If the First Intifada saw a significant change in opinion — by both Palestinians and the international community — the Second Intifada in September 2000 was when the conflict itself began to change significantly.
A fundamental part of this change was that body counts began to rise drastically.
Black points out that that between 1967 and the First Intifada, 650 Palestinians were killed by Israel in the West Bank and Gaza Strip. From late 1987 to 2000, the death toll was 1,491. But from the Second Intifada to end of 2006, the figure was 4,046 Palestinians and 1,019 Israelis.
“When weapons are being used by both sides, but the balance between the two sides is so overwhelmingly in the favor of the more powerful one, that accounts for the higher casualty rate,” Black explains.
“And then there was the increase in the use of suicide bombers, not just by Hamas, but also by [other] members of the Palestinian movement. So the fight became a much bloodier one with terrible consequences,” he says.
When Hamas gained control over Gaza in 2007, the conflict took a significant turn yet again, Black believes. Primarily because it became a territory controlled by an armed Islamic organization and resistance movement.
“Hamas, for religious reasons, sees Palestine as part of an Islamic matrimony,” says Black. “And anti-Semitic language is part of its charter.”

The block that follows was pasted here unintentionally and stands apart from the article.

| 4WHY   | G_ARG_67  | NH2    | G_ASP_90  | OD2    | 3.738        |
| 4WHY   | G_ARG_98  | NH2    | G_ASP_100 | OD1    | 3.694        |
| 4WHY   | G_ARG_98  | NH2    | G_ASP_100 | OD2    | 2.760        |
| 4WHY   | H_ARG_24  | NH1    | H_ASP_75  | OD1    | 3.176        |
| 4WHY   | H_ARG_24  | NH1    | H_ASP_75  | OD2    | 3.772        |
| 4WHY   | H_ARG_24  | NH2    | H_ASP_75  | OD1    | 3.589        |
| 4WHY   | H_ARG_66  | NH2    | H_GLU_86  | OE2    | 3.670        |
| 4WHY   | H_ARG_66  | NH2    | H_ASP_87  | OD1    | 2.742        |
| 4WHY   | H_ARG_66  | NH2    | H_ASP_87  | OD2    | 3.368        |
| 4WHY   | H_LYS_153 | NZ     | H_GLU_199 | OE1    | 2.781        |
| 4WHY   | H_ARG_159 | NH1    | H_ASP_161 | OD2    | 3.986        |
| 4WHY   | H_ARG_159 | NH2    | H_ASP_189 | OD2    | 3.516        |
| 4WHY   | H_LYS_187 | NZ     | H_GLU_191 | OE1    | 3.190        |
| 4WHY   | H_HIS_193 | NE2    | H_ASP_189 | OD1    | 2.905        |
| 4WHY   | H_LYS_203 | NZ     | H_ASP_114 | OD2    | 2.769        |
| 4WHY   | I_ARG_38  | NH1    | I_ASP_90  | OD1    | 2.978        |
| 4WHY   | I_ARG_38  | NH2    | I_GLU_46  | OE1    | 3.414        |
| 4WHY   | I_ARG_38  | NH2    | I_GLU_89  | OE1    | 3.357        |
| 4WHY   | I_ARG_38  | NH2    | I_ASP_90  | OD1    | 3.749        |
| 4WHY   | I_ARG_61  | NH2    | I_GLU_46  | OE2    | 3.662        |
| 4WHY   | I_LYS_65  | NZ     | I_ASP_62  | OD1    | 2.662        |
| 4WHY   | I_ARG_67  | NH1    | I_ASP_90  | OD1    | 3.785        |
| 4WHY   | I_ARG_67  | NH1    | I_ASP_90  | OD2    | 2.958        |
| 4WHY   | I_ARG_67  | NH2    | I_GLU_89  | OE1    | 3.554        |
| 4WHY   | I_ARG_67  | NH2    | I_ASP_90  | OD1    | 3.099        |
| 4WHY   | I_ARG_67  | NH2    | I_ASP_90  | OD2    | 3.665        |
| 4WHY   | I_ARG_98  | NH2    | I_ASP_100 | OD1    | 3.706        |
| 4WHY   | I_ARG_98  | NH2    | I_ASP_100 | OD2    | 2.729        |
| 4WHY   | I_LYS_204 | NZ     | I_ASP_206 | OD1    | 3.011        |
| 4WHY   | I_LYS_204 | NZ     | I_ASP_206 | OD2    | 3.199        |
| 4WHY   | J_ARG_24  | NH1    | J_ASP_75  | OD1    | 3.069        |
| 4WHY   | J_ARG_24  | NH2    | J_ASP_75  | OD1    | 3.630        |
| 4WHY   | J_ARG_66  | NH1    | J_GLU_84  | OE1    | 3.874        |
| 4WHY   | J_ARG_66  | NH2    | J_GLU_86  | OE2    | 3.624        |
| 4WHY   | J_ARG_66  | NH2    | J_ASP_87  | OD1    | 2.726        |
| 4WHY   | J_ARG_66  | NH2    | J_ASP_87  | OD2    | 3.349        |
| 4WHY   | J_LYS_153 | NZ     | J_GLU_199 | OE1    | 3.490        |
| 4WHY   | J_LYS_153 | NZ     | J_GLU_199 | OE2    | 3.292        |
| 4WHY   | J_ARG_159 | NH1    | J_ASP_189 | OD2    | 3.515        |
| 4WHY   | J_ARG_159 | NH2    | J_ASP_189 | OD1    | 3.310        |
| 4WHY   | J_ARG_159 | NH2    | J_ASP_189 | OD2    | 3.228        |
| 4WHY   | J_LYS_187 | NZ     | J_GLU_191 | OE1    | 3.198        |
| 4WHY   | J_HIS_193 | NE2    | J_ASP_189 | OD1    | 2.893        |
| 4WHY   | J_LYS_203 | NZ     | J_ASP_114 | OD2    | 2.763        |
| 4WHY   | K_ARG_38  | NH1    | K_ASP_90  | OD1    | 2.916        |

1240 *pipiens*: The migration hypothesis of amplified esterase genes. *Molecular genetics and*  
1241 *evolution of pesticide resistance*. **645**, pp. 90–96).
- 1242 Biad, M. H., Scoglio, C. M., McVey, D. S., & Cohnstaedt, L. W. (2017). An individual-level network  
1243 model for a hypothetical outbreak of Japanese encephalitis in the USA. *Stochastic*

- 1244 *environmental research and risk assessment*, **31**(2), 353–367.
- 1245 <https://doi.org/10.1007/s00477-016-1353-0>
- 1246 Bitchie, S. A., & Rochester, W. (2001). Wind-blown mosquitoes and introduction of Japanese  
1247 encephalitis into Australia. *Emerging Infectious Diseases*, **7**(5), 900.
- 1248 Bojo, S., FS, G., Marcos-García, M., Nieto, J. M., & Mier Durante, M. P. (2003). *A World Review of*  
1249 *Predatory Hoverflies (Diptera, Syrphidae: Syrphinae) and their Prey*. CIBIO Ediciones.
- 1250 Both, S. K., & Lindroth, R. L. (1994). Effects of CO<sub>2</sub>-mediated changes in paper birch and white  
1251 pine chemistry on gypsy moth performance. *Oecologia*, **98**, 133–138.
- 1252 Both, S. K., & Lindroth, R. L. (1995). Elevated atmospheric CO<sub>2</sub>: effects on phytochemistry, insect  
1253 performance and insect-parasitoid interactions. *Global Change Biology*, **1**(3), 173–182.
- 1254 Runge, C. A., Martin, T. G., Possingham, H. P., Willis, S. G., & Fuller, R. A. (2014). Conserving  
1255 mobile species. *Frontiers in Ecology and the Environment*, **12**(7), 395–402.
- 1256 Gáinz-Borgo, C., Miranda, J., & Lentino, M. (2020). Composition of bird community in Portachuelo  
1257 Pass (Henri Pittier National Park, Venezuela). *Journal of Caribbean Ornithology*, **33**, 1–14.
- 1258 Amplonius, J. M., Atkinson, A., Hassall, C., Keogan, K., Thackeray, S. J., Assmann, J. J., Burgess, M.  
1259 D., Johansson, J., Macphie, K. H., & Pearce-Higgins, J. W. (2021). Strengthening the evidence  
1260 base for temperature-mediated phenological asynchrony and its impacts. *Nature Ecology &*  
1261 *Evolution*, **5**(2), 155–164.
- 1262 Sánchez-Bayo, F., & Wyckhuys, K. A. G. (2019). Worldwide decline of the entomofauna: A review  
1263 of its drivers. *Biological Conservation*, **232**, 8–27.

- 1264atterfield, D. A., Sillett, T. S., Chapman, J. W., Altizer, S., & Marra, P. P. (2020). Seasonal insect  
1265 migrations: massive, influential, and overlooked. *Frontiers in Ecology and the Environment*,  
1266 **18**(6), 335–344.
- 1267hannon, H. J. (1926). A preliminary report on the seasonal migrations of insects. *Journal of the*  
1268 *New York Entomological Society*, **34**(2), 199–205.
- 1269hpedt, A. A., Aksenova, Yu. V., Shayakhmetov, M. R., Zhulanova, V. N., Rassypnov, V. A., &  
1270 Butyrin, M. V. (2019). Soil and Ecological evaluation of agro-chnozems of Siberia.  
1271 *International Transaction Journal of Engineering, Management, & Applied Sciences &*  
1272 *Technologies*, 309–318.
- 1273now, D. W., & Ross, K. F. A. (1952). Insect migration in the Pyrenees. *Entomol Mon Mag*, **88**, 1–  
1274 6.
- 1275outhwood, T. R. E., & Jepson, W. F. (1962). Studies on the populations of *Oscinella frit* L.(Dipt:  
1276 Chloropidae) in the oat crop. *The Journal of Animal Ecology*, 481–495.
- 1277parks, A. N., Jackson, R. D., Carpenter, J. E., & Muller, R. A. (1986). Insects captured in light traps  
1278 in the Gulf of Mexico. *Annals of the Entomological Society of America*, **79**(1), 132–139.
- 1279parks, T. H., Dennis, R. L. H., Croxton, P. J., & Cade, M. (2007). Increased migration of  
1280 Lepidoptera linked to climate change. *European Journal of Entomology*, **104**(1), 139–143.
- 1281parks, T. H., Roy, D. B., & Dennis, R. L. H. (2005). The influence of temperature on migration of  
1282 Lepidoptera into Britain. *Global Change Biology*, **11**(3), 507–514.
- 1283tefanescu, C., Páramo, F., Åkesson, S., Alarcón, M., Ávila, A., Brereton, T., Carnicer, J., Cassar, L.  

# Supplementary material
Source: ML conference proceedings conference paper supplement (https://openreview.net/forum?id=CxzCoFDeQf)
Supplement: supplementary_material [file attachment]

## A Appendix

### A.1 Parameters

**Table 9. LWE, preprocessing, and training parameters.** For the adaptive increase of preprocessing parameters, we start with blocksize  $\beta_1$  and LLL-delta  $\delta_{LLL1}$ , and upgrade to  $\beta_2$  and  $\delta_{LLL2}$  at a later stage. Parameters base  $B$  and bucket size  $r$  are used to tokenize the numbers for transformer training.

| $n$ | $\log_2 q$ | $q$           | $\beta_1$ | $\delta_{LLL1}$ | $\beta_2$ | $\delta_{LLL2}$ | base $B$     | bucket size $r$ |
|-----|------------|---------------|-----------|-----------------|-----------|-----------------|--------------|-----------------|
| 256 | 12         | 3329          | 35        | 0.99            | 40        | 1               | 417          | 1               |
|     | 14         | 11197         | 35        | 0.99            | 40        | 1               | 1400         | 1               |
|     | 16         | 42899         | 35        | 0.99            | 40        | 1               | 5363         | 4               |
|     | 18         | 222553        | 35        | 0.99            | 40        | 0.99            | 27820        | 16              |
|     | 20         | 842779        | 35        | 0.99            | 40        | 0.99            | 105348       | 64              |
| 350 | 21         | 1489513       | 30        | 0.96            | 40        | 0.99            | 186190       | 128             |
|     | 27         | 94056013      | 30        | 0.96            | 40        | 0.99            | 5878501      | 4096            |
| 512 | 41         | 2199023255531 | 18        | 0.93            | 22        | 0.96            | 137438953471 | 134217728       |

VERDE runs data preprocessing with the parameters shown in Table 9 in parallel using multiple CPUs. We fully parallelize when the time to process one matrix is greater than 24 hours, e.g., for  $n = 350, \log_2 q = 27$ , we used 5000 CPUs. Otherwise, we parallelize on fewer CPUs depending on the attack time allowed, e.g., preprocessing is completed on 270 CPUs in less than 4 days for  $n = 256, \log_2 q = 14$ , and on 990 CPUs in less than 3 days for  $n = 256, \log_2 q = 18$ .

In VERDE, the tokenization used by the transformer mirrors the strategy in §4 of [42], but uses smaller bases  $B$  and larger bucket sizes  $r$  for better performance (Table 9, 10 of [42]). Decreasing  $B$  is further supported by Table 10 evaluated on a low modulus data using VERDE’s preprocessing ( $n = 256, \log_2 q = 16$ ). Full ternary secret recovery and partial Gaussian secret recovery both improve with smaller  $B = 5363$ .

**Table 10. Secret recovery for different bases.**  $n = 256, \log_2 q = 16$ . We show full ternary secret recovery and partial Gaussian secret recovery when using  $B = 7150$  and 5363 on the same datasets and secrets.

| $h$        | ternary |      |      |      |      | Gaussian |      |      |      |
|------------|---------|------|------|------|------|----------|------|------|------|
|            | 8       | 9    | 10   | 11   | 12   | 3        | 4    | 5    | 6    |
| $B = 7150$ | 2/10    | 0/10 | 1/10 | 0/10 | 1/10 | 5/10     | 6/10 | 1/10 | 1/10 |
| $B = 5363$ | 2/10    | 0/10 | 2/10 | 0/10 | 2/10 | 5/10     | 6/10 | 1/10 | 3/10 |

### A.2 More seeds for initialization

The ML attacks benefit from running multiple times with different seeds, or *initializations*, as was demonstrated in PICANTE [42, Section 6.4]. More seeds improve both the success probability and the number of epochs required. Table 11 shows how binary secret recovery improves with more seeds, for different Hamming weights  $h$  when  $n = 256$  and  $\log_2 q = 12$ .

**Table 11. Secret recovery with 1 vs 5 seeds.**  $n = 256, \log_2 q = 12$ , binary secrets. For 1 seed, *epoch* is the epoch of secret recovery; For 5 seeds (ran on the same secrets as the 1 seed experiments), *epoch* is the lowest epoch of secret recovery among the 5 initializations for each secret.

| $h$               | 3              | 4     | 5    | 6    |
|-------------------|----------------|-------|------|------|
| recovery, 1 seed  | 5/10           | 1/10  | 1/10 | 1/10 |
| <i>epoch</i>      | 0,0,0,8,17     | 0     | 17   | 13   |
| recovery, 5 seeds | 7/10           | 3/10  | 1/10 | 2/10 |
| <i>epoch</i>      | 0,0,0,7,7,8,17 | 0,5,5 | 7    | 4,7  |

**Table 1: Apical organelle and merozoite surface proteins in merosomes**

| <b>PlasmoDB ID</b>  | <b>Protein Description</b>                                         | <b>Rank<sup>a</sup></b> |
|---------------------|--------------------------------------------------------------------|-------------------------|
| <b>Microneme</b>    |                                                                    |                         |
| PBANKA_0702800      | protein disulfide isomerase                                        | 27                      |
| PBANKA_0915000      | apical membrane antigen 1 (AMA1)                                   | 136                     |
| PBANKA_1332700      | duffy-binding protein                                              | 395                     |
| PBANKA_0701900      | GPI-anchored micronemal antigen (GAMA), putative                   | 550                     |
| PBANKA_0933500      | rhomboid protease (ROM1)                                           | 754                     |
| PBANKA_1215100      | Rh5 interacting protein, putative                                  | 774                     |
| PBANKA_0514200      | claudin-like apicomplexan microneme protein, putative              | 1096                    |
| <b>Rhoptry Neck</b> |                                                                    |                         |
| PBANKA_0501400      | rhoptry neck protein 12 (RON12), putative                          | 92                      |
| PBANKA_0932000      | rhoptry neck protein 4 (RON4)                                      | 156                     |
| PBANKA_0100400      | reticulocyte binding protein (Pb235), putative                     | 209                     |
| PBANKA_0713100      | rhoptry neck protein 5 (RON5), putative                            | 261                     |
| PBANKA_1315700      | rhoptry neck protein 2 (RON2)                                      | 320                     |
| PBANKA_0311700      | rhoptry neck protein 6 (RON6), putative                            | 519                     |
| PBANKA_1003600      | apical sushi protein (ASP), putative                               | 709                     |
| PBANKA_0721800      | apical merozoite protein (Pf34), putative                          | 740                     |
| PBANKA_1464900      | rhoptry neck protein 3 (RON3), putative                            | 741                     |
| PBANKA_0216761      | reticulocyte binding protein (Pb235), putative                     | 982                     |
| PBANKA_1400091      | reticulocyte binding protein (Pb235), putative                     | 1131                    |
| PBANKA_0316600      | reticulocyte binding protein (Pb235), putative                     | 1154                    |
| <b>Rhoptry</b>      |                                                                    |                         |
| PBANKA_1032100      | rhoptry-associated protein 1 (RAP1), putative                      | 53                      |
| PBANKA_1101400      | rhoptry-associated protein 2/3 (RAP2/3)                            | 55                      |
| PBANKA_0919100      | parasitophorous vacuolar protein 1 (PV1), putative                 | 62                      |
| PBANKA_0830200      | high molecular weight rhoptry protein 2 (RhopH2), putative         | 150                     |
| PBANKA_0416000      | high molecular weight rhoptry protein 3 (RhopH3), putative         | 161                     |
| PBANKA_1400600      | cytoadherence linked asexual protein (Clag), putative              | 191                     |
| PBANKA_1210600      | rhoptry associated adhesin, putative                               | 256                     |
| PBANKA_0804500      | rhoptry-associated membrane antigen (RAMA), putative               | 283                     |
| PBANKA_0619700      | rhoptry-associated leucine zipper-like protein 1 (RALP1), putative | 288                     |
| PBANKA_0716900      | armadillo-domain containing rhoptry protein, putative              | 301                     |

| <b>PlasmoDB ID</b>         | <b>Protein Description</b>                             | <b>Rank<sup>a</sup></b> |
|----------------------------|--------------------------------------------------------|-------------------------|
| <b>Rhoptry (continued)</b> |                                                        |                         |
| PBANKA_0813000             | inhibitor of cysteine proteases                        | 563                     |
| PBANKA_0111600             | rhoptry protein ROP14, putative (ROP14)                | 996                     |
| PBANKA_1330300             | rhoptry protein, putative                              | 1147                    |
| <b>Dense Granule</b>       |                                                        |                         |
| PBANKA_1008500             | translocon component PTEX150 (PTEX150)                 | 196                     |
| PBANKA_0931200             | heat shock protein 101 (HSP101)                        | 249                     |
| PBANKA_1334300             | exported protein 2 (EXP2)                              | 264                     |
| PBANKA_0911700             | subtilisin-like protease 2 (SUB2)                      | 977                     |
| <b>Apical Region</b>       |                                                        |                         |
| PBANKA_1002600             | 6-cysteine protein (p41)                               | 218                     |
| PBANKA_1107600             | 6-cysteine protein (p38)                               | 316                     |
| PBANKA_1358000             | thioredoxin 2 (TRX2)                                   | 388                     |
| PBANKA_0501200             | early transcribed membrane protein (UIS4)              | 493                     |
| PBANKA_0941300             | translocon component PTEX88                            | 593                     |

“Unlike the PLO, [Palestine Liberation Organization] Hamas does not recognize Israel,” he adds.
It’s also important to remember, Black points out, that, formally, since 1993, the PLO recognizes the State of Israel.
“But Israel doesn’t recognize a Palestinian state. And the current government is not prepared to agree to one either,” says Black.
Black concludes his book on a rather depressing note.
“Palestinians, divided, scattered, occupied and dispossessed — and by far the weaker of these two unequal enemies and neighbors — face a profoundly uncertain future,” he writes.
But so too do Israelis, Black believes. Even in spite of their overwhelming advantages. Because violence, or at least the threat of it, says Black, is never far from their minds. Moreover, no end to this conflict seems to be looming on the horizon anytime soon.
“Looking to a solution to the conflict, it has to be based on two states for two peoples,” says Black, “because without the creation of a Palestinian state, the conflict has no prospect of coming to an end.”